I believe that a better understanding of this concept will emerge from the meeting at Vancouver and that this in turn can be the catalyst for a major reorientation of national development policies in rich and poor countries alike. In current development planning, there is a dangerous lag between theory and practice. National leaders and world public opinion must be made to recognize that the systems and methods now in use—the “development model” of the past decades—are not working. For a long time the reasons for this failure were thought to stem from a lack of finances, or political commitment, or expertise. Now it is increasingly understood that none of these go to the heart of the problem. The base cause is conceptual and structural.
The development model now copied in most of the developing world is founded largely on two concepts—one which is almost certainly false and another which is illusory.
The first of these concepts is the so-called linear process of growth, which implies that the road to development is through a series of well-defined stages paralleling the experience of the older industrialized bloc. Although almost universally rejected by development theorists, this notion continues to guide the planning and investment priorities not only of the majority of developing countries but of the international agencies concerned.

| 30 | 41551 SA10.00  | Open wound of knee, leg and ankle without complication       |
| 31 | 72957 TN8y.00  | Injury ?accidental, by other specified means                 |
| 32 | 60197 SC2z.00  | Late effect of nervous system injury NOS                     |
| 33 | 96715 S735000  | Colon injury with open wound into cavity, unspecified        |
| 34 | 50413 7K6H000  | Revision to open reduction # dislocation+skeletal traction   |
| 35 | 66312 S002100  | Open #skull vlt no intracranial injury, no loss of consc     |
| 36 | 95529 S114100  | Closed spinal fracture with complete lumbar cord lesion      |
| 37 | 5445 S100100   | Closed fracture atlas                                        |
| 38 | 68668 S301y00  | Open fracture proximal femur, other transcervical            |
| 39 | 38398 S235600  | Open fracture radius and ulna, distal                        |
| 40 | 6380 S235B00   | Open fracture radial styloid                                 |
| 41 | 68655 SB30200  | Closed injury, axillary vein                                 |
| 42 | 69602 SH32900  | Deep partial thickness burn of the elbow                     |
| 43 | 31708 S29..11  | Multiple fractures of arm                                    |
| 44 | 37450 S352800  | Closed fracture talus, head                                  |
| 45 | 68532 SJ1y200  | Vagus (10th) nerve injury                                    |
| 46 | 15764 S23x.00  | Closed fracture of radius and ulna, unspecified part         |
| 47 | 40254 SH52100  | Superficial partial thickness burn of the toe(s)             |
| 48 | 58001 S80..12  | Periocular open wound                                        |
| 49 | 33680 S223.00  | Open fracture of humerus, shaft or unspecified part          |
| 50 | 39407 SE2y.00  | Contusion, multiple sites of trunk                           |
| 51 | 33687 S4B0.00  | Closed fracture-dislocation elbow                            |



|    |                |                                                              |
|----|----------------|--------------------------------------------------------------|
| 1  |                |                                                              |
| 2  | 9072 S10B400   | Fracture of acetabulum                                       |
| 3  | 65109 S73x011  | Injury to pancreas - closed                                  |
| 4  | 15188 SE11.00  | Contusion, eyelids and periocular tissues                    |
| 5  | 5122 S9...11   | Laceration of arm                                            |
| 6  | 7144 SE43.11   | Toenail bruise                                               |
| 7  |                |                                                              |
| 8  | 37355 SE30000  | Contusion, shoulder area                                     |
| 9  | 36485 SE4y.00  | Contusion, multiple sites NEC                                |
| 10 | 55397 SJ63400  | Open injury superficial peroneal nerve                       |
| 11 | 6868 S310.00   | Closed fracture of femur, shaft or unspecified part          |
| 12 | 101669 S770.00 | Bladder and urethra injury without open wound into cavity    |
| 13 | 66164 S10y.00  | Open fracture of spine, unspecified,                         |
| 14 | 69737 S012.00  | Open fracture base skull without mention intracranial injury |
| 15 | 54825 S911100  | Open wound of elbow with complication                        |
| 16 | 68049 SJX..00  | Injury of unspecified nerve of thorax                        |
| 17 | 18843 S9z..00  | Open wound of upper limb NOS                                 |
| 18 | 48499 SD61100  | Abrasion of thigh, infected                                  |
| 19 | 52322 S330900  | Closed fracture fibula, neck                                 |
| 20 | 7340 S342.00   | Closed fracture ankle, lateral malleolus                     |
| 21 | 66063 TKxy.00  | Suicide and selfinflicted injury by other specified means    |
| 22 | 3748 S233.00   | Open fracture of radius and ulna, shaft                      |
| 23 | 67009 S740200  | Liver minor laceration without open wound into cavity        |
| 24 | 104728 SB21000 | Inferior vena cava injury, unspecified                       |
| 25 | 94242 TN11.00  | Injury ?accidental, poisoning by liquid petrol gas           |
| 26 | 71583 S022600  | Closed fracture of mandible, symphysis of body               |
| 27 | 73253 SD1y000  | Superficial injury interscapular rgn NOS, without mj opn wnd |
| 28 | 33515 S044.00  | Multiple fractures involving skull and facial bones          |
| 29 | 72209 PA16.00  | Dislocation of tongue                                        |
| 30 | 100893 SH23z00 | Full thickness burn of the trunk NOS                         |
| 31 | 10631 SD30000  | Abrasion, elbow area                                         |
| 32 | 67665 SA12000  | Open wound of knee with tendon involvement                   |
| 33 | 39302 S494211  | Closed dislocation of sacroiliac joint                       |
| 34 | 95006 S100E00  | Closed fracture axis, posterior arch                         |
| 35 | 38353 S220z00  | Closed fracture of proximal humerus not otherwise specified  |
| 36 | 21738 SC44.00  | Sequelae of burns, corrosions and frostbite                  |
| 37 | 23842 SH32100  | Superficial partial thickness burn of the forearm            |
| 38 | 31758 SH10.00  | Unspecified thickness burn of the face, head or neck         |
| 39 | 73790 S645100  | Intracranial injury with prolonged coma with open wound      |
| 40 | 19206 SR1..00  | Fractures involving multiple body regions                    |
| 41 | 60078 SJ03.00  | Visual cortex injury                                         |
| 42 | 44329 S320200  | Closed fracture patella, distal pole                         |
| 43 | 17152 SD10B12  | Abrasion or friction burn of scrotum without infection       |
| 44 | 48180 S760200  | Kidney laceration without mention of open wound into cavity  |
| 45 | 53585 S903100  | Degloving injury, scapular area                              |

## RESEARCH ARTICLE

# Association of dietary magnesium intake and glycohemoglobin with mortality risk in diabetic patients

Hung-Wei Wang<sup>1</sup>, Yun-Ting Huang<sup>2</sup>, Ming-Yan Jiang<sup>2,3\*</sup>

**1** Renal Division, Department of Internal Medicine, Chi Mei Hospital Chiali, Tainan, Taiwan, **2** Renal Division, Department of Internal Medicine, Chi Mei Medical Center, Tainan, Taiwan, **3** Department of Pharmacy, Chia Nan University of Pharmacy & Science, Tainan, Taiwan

The second concept, stemming from the first, is that development can be measured in terms of gross national product and that, by a further extrapolation, the relative well-being of peoples is quantifiable in terms of per capita income. In reality, of course, the great majority of the world’s peoples do not partake of the statistical income ascribed to them and the quality of life of the masses can be deteriorating even as gross national product rises.